Based on this comprehensive review, conclusions can be summarised in the following points:
The conventional theory of transient two-phase flow in porous media is still valid for transient flow conditions only if the instantaneous equilibrium condition can be achieved by carefully controlling the boundary conditions of geotechnical tests.
There are still many research questions left for instantaneous equilibrium two-phase flow in porous media in terms of deformation coupled with hysteresis, the high suction range for soft soil, hysteretic hydraulic properties for problematic soil, etc.
The conventional experiments determine the soil water retention and hydraulic properties under the assumption of instantaneous equilibrium. However, when such an assumption is violated, the inversion analysis can still produce velocity-dependent hydraulic diffusivity. Lacking a physical basis, this scenario becomes a fitting process rather than a physical and experimental characterization.
Earlier experimental observations of dynamic nonequilibrium effects under transient two-phase flow conditions fostered the theoretical development for modelling such effects. Thus, it is expected to advance theories with more experimental findings in multiscale.
The four advanced theories have their advantages and disadvantages. The soil water redistribution model, dual-fraction model with soil water redistribution, and dual-porosity and dual-permeability model can simulate transient effects in multiscale. However, according to this listing sequence of models, the theoretical complexity increases with more parameters in the governing equations. Except that the soil water equilibration time can be straightforwardly determined using instrumented soil column test, other parameters can only be given by inverse modelling.
Compared to the previous three theories in soil hydrology, the thermodynamic-based theory can be applied to simulate both soil moisture dynamics and nonequilibrium soil suction under transient two-phase flow conditions. Therefore, it has a unique advantage for estimating the mechanical properties of unsaturated soil, whereas others neglect this critical application.
Modern continuum-scale experimental methods often incorporate soil suction and moisture sensors into a soil column with various hydraulic boundary conditions. In petroleum engineering, core flooding tests can be implemented with non-destructed measuring methods for fluid saturation (e.g., CT scan, Gamma-ray, outflow, etc.). Nevertheless, pore pressure transducers are irreplaceable for determining dynamic capillary pressure.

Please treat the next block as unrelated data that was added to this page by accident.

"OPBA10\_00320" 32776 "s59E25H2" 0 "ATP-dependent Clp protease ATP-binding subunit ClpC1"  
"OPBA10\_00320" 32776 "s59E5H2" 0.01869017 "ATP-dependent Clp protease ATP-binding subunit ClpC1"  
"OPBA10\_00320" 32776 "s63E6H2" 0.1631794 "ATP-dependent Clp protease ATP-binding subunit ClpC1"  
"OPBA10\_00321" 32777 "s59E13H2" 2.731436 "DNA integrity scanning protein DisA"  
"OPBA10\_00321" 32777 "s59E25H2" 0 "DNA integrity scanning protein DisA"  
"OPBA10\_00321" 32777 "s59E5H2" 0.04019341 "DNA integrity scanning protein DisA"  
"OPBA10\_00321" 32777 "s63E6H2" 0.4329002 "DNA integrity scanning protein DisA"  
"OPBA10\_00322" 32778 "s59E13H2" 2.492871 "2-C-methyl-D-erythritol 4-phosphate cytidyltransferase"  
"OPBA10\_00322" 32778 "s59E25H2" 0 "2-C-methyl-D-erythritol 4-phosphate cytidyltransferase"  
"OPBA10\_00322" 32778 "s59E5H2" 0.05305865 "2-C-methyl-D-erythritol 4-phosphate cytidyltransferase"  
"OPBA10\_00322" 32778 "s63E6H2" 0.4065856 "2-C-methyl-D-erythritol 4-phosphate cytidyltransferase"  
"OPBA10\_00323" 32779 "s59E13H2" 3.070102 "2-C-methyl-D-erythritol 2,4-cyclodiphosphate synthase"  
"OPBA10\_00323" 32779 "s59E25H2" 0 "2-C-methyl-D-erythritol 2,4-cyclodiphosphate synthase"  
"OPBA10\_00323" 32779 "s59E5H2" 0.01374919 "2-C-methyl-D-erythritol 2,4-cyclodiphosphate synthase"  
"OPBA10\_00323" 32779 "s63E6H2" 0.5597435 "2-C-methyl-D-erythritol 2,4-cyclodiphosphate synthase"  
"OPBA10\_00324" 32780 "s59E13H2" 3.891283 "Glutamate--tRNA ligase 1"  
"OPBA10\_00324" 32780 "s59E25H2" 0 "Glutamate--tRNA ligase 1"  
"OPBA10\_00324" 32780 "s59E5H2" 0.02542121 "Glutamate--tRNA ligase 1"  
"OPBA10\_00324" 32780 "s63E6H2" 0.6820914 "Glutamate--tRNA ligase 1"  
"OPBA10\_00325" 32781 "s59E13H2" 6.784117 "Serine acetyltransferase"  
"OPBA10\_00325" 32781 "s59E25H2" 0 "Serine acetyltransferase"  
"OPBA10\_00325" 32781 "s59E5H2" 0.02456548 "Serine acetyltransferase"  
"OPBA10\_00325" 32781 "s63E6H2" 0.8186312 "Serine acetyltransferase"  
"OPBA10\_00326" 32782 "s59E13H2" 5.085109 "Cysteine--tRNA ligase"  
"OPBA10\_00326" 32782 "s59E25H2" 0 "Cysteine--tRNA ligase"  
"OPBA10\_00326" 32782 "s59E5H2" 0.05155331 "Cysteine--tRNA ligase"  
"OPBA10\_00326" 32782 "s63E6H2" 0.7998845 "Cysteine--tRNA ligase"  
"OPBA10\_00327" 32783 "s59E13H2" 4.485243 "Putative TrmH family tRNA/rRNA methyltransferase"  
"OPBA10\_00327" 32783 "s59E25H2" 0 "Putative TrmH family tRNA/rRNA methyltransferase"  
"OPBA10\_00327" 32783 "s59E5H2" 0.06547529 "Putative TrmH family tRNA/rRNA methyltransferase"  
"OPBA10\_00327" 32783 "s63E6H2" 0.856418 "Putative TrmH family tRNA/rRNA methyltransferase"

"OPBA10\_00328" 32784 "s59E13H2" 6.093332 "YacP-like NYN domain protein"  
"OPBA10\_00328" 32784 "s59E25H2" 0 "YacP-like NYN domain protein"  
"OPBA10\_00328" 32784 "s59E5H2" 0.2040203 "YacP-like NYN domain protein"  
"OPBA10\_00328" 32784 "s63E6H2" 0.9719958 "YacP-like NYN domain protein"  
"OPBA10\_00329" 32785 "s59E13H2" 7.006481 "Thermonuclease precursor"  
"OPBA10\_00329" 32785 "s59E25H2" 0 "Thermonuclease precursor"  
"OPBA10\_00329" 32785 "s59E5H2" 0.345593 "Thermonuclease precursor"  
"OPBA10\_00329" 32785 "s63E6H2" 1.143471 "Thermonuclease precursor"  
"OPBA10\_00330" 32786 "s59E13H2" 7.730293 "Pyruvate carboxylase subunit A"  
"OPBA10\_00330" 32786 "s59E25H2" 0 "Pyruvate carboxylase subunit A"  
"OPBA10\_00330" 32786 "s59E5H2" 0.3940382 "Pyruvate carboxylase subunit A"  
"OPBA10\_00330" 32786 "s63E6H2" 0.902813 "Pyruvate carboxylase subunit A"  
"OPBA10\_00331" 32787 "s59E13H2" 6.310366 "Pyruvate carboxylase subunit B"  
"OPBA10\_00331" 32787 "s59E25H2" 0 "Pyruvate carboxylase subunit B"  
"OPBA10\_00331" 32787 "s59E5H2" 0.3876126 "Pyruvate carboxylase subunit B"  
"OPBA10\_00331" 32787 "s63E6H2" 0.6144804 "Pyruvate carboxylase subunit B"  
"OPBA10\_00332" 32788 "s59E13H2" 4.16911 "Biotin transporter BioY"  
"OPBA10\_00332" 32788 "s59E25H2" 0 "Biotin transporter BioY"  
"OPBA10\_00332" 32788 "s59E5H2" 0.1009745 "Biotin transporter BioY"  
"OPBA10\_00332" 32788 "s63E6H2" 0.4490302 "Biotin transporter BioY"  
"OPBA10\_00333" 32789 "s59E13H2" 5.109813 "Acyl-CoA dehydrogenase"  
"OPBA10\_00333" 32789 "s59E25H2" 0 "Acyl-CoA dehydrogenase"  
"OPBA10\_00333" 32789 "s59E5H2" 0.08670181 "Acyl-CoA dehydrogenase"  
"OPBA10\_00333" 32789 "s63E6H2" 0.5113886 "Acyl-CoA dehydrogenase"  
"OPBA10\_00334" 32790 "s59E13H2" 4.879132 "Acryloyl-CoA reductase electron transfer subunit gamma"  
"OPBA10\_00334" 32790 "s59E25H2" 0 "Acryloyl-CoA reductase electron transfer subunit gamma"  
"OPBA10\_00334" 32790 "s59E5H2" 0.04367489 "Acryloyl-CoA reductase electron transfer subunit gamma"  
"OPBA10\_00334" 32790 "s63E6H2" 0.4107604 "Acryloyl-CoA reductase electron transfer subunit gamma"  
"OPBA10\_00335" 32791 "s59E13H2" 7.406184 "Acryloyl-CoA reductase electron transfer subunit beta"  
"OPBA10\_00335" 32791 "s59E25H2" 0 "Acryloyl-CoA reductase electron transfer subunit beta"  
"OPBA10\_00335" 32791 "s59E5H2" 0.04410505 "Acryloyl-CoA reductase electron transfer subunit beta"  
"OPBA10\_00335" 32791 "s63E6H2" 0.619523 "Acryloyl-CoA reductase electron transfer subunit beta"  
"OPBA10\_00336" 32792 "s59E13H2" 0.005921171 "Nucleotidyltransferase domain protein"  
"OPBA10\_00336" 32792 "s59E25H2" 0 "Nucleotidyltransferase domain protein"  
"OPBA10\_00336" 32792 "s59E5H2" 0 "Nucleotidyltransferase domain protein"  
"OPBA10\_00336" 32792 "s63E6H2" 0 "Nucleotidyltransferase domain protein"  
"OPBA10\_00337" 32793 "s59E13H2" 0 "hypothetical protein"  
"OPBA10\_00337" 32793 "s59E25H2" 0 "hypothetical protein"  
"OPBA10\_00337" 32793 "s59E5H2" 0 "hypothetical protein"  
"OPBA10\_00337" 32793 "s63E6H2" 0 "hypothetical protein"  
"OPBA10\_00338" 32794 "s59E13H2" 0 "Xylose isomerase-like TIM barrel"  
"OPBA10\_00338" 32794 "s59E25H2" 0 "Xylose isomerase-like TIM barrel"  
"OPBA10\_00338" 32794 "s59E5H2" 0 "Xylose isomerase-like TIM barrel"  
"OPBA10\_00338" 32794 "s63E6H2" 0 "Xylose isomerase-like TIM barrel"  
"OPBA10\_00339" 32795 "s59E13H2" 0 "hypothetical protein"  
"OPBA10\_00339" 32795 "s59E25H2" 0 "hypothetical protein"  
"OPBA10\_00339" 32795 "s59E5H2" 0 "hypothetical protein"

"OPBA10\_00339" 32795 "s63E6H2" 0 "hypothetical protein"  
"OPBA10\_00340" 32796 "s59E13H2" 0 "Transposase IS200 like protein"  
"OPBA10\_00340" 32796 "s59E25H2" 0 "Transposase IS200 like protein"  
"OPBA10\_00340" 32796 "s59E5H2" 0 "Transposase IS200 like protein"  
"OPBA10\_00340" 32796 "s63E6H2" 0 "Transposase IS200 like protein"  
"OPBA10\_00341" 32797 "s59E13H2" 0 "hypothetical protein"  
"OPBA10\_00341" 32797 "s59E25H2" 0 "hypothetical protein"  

Recent continuum-scale experimental and numerical studies focus on investigating influential factors of dynamic nonequilibrium effects in terms of dynamic capillary coefficient. The influential factors mainly include properties of porous media, fluid properties, multiphase physical properties, etc. However, many conflicting conclusions were drawn amongst those studies for each influential factor, therefore, needing more experimental revisits. Furthermore, the hysteretic and extreme conditions for dynamic effects should be continuously investigated using experimental and numerical methods in the future.
All advanced theories have been validated successfully by many experimental studies on specific hydraulic loading paths. However, there are failure cases, which might be due to numerical solution, parameter selection, etc. So, it is still worth casting the numerical tools constantly in order to improve the accuracy of numerical solutions. Moreover, the fingering flow simulated by the thermodynamic-based theory considering hysteresis could be due to conditionally numerical instability, which is quite debatable for mathematicians and numerical modellers.
The pore-scale modelling transient two-phase flow displacement can be achieved by the physical micromodel, numerical Pore-Network Model (PNM), and Computational Fluid Dynamic (CFD) method. Each is a powerful tool to investigate transient two-phase flow from pore-scale up to Representative Elementary Volume (REV) scale or even several REVs. Still, the physical micromodel is not often available in every geotechnical laboratory and is not generic. On the other hand, the Dynamic PNM (DPNM) can simulate the dynamic effects with lower computational expenses than CFD. However, the interfacial dynamics was not counted at pore-scale. Therefore, only local heterogeneities induced dynamic/transient effects can be reproduced by DPNM.
CFD methods include multiphase Lattice Boltzmann Method (LBM), Direct Numerical Simulation (DNS) coupled with Volume of Fluid (VoF) or Level-Set (LS), and Smoothed Particle Hydrodynamics (SPH). Only a few numerical experiments using those methods already replicated dynamic effects in dynamic capillarity, capillary-viscous and inertial dominating flow conditions. Although those numerical methods have been implemented to study steady-state flow conditions in flow patterns and regimes, the contribution to dynamic effects under transient flow conditions are still rare and, therefore, strongly urge pursuit in the future.
The observation of dynamic nonequilibrium effects in natural slopes was firstly reported in the recent literature. It partially supports the application of transient effects for engineering practices. However, the in-situ data are still insufficient to prove the importance of considering dynamic effects in modelling transient two-phase flow seepage. It is expected to receive more contributions from the field or large-scale observations than smaller-scale findings using the pressure or flow cell tests.